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L'homme des Folies Bergère (1935)


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Complete credited cast:
Maurice Chevalier ... Eugene Charlier / Baron Cassini
Natalie Paley Natalie Paley ... Baroness Cassini (as Nathalie Paley)
Sim Viva Sim Viva ... Mimi (as Sim-Viva)
Fernand Ledoux ... François
Ferdinand Gottschalk ... Perichot
Georges Renavent Georges Renavent ... Premier of France
Barbara Leonard ... Antoinette
Rest of cast listed alphabetically:
André Berley André Berley ... Pierre Baneffe
André Cheron André Cheron ... Morizet
Pauline Garon ... Lulu
Ramsay Hill Ramsay Hill ... Christian de Guntherson
Jacques Louvigny Jacques Louvigny ... Gustave Chatillard
Jules Raucourt Jules Raucourt ... Minister of Finance


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Comedy | Musical







Release Date:

17 April 1936 (USA) See more »

Also Known As:

Folies Bergère See more »

Company Credits

Production Co:

20th Century Pictures See more »
Show more on IMDbPro »

Technical Specs

Sound Mix:


Aspect Ratio:

1.37 : 1
See full technical specs »

Did You Know?


Though many have roumoured this film to have nude girls a la the real Folies Bergére, there is only one back stage scene, with topless chorines walking about in the background, strategically covered as they go past. See more »


Version of On the Riviera (1951) See more »

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User Reviews

Double trouble, ooh la la!

Back in silent-film days, Hollywood studios were able to release their movies all over the world, simply by translating the title cards into other languages. After the talkie revolution, all the rules changed. Eventually, soundtrack dubbing techniques were developed ... but for the first few years of the talkies, Hollywood studios would often shoot multiple versions of the same movie, with the actors recording the dialogue in other languages. Some very interesting films resulted from this expedient. George Melford's Spanish-language version of 'Dracula' is considered superior to Tod Browning's English-language version: Melford filmed at night, with a Spanish-speaking cast, using the same sets and costumes that Browning and Bela Lugosi used in the daytime. The German-language version of 'Anna Christie', starring Greta Garbo, is much sexier and more realistic than the English-language version starring the same actress. After Laurel and Hardy filmed their first starring feature, 'Pardon Us', they performed in Spanish and French versions of this same story (speaking their lines phonetically)... and both of these foreign versions have merits which are absent from the original version.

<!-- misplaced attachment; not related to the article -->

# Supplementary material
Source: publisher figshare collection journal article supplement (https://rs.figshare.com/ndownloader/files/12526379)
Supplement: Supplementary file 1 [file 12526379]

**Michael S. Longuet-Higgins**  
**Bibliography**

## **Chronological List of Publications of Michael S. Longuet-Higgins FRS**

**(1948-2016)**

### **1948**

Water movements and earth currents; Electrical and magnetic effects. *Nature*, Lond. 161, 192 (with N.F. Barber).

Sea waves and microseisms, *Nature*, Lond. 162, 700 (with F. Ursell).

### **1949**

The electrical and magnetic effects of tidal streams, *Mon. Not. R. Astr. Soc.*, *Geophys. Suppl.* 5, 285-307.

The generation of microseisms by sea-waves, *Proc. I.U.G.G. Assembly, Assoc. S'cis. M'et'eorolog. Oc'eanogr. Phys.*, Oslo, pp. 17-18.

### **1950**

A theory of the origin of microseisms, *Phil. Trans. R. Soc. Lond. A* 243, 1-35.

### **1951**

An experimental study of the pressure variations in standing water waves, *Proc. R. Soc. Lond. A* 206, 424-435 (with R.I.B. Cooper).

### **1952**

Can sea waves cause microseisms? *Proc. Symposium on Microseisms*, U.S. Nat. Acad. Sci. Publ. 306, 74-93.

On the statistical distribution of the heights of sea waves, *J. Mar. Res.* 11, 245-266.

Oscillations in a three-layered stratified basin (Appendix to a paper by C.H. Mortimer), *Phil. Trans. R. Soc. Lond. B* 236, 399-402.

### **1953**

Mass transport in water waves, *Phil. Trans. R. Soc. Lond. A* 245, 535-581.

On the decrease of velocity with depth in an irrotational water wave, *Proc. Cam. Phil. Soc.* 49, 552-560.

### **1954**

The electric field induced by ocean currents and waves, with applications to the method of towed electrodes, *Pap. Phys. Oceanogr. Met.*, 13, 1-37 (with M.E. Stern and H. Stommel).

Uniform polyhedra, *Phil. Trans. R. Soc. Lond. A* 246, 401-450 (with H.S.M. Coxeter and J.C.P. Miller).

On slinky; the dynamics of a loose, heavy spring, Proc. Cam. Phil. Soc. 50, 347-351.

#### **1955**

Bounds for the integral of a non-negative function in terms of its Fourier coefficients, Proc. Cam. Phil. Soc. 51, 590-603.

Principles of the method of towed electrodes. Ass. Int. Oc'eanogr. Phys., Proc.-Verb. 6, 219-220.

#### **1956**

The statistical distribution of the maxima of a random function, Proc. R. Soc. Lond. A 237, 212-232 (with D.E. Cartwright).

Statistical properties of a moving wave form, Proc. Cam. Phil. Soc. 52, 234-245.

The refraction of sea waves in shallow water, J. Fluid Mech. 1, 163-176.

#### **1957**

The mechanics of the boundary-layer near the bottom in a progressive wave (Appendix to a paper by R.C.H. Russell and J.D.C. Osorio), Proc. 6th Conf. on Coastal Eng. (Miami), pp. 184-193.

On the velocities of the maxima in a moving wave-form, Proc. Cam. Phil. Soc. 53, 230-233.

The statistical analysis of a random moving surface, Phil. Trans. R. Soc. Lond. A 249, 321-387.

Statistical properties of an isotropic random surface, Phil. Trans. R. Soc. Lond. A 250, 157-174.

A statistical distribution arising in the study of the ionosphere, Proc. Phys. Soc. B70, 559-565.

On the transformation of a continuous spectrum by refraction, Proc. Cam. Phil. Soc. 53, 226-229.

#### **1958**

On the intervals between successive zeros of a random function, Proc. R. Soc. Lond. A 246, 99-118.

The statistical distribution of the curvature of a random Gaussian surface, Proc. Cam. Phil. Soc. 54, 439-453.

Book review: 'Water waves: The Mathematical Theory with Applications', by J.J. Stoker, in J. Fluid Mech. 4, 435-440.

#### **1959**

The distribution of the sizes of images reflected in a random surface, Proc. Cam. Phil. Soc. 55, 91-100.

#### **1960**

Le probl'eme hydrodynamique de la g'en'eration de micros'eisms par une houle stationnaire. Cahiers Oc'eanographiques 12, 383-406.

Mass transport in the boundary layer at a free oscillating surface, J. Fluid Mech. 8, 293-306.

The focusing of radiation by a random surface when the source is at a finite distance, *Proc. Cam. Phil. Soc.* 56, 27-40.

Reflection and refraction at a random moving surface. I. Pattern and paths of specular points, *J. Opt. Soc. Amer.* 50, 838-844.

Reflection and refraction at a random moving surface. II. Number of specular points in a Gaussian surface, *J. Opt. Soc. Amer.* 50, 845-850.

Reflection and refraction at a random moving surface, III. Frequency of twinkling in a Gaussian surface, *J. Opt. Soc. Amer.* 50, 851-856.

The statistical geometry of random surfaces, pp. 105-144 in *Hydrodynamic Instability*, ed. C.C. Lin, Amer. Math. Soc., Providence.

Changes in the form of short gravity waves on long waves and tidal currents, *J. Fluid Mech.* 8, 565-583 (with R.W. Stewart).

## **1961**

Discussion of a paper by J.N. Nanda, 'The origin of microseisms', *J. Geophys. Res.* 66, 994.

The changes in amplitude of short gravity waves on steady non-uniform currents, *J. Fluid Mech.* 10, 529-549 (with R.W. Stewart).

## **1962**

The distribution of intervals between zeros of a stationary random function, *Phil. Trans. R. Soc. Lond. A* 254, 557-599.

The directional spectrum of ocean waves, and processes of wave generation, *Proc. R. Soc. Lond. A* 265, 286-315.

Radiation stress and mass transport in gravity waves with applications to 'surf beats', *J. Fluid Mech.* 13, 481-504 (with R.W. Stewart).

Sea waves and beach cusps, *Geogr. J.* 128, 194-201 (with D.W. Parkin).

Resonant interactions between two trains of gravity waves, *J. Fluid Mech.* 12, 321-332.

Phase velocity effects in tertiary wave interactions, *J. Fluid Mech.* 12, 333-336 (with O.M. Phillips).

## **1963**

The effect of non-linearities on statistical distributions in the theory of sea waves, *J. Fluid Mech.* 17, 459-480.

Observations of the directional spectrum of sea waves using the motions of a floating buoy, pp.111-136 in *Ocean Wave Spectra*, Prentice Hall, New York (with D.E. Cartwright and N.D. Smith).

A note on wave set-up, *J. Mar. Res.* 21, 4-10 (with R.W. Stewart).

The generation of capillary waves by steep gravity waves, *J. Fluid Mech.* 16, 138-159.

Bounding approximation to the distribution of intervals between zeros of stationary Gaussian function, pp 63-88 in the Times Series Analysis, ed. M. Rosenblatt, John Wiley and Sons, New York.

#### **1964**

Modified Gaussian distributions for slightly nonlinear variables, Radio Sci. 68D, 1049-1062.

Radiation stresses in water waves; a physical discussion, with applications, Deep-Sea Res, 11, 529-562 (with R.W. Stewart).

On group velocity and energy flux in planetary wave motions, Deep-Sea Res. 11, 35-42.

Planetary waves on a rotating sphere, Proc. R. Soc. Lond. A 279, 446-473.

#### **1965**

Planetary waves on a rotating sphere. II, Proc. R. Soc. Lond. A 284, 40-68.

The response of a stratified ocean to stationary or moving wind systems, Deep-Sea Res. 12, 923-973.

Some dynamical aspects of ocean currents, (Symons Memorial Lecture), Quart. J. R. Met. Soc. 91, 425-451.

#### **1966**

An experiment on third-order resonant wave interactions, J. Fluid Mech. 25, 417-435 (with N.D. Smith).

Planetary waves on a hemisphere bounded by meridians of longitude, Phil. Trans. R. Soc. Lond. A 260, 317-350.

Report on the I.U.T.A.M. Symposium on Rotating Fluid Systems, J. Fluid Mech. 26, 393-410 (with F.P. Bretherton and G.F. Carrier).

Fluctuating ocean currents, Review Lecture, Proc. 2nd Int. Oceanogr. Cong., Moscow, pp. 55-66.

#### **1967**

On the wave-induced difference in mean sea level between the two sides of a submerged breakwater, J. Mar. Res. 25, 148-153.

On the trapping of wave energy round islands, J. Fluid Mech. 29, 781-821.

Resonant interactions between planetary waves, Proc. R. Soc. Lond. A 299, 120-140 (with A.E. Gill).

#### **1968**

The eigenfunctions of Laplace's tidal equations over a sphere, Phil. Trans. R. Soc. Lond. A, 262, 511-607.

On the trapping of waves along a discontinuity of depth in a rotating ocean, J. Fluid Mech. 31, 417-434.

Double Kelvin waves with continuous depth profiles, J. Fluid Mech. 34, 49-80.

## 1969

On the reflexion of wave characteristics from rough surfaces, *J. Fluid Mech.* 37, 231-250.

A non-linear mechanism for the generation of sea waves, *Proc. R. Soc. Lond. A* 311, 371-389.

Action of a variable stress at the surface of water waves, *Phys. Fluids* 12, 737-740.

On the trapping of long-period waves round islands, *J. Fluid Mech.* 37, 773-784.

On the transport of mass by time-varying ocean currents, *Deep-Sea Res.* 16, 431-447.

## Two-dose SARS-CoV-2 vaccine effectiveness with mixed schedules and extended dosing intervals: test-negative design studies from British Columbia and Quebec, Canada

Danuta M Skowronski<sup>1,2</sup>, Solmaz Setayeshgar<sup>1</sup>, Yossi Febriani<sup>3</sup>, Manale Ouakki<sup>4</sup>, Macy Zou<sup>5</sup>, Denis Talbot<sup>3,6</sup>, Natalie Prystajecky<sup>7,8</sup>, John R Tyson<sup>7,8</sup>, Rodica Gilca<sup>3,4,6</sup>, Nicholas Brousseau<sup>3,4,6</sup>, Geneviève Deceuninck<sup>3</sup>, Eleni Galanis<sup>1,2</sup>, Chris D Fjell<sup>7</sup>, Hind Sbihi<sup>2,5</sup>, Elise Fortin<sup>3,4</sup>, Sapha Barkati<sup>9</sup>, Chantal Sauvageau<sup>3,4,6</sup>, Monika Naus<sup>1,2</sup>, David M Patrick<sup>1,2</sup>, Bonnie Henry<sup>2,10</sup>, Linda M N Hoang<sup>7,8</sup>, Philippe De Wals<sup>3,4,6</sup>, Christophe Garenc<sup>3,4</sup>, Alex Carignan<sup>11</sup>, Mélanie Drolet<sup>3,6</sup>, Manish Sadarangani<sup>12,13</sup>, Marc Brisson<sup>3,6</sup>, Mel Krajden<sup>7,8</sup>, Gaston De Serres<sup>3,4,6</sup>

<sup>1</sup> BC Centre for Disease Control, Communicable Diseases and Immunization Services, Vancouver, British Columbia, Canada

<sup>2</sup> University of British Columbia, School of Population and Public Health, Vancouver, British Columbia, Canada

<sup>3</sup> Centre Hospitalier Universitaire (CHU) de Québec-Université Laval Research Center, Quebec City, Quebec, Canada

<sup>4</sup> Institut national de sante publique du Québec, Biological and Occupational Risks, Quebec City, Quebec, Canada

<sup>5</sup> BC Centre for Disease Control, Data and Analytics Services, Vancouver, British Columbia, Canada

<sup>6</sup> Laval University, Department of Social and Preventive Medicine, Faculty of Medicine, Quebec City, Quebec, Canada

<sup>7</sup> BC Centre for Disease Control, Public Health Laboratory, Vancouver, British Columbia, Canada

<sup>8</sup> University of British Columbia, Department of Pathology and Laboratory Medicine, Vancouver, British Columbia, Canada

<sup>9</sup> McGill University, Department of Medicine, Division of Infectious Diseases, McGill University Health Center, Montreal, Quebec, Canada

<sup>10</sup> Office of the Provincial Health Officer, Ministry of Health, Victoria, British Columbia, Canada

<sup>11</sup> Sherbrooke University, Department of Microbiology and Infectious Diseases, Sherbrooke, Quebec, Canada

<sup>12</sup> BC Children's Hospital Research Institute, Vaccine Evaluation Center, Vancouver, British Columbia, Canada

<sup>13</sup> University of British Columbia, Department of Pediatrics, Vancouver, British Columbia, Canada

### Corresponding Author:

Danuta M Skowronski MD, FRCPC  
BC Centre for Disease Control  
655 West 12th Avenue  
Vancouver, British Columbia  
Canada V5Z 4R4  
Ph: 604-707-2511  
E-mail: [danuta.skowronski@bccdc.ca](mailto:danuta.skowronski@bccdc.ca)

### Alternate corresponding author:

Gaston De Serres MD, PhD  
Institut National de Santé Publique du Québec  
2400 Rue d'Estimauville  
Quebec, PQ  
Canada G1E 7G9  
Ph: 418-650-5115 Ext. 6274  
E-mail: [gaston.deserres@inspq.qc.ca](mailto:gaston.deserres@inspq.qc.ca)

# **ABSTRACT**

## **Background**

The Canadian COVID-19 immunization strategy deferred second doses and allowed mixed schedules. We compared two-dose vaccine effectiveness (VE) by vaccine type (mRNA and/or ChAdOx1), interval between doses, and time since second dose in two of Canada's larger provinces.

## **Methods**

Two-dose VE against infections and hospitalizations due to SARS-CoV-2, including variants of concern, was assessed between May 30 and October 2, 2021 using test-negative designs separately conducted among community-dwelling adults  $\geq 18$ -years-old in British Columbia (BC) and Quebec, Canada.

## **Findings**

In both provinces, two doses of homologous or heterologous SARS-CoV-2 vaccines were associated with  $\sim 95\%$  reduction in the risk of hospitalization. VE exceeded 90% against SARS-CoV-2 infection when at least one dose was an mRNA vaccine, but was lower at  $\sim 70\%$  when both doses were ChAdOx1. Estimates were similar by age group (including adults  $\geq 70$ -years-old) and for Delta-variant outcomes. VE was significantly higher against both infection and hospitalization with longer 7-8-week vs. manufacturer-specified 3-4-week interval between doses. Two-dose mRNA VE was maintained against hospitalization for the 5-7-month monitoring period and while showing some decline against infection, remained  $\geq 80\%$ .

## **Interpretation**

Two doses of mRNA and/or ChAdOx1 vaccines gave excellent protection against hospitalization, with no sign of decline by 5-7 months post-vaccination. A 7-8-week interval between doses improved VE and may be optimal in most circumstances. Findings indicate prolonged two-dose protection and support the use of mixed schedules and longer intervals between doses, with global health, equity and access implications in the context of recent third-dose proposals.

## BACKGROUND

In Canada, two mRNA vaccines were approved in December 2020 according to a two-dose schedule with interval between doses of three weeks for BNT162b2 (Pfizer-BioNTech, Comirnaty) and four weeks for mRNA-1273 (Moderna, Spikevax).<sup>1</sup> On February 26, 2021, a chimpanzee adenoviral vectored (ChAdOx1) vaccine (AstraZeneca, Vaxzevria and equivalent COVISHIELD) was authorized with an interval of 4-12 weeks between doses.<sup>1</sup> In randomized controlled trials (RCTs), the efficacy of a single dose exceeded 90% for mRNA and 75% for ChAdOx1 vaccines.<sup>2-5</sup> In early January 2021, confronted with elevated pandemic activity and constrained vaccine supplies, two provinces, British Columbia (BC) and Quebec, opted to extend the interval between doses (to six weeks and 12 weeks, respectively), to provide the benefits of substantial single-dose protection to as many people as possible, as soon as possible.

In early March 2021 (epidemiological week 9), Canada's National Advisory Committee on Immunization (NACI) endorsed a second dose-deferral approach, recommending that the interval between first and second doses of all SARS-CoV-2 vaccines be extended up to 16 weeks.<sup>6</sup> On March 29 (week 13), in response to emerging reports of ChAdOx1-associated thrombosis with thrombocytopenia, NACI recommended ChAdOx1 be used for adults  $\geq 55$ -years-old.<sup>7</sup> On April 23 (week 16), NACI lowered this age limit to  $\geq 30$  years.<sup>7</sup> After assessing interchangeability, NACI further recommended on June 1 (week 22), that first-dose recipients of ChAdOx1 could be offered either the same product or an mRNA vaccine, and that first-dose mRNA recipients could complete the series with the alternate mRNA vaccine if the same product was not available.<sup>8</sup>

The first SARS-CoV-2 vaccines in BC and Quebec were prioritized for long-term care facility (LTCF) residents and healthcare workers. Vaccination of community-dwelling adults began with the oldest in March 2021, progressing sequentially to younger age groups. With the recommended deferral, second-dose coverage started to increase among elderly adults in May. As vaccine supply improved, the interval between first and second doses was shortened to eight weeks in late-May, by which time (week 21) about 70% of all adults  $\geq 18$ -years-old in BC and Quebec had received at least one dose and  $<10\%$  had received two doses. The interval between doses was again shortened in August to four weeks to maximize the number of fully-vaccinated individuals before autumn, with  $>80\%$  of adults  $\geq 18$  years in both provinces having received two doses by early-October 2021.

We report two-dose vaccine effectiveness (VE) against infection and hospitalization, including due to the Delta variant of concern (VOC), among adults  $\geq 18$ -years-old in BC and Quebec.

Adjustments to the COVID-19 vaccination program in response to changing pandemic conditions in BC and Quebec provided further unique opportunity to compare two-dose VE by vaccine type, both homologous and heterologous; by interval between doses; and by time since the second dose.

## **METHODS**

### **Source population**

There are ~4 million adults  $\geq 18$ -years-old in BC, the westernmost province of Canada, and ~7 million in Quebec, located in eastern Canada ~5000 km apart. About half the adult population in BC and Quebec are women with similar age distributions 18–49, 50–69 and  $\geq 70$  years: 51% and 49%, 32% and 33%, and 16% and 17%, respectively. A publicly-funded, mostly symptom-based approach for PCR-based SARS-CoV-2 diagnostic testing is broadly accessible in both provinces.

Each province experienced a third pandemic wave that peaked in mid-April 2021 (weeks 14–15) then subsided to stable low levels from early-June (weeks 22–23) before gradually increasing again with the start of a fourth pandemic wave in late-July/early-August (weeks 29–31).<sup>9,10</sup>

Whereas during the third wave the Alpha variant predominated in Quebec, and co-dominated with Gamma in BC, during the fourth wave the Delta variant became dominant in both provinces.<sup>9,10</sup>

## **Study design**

Straight away after Maurice Chevalier starred in 'Folies-Bergere of Paris' for 20th Century-Fox, he made a French-language version (titled simply 'Folies-Bergere') filmed on the same sets, with the same costumes and much of the same crew, but with a French supporting cast. His main role here is Eugene, a roguish song-and-dance man in the Folies-Bergere. (What a stretch for Chevalier.) By chance, Eugene is an exact lookalike of the powerful banker Baron Cassini (also played by Chevalier). Eugene even does an imitation of Cassini in his variety-hall turn. But then, when Cassini is called away for a secret business dealing which nobody knows about, it becomes urgent that he appear in public in order to quell a financial panic. His underlings get the bright idea to conscript Eugene to impersonate Cassini.

Dull actress Nathalie Paley plays the Baron's glamorous wife. She and her husband are bored with each other. She happens to meet Eugene while he's impersonating her husband, and -- not realising that he really isn't the Baron -- she can't understand why her 'husband' is suddenly so attractive to her. Meanwhile, Eugene's chorus-girl paramour Mimi sees Eugene swanking it with the Baroness in his Cassini disguise, and she jumps to conclusions.

Except for Ferdinand Gottschalk, as one of Cassini's flunkies, the only good performance in this movie is given by Chevalier himself ... and I say 'performance', singular, because Chevalier isn't a good enough actor to make Eugene and the Baron seem like two different people. (Don Ameche and Danny Kaye did better, in later versions of this same property.) Some of the plot twists are painfully obvious: when Mimi scratches Eugene's hand in a moment of anger, and the editor shows us a whacking huge close-up of the minor scratch, we can tell from a mile away that Mimi will use the scratch on his hand as a means of telling apart the two Chevaliers.

Chevalier does one nice song here, called 'The Rhythm of the Rain'. He performs this onstage at the Folies Bergere, and the stage effect has it raining on one side of the stage whilst the other side is dry. An interesting visual image.

Although Nathalie Paley gives a dull performance as the Baroness, she is much prettier (and more believable) here than Merle Oberon was in the English-language version of this movie. I have NEVER understood the appeal of unattractive untalented Merle Oberon. I'll rate this French-language version 7 points out of 10.

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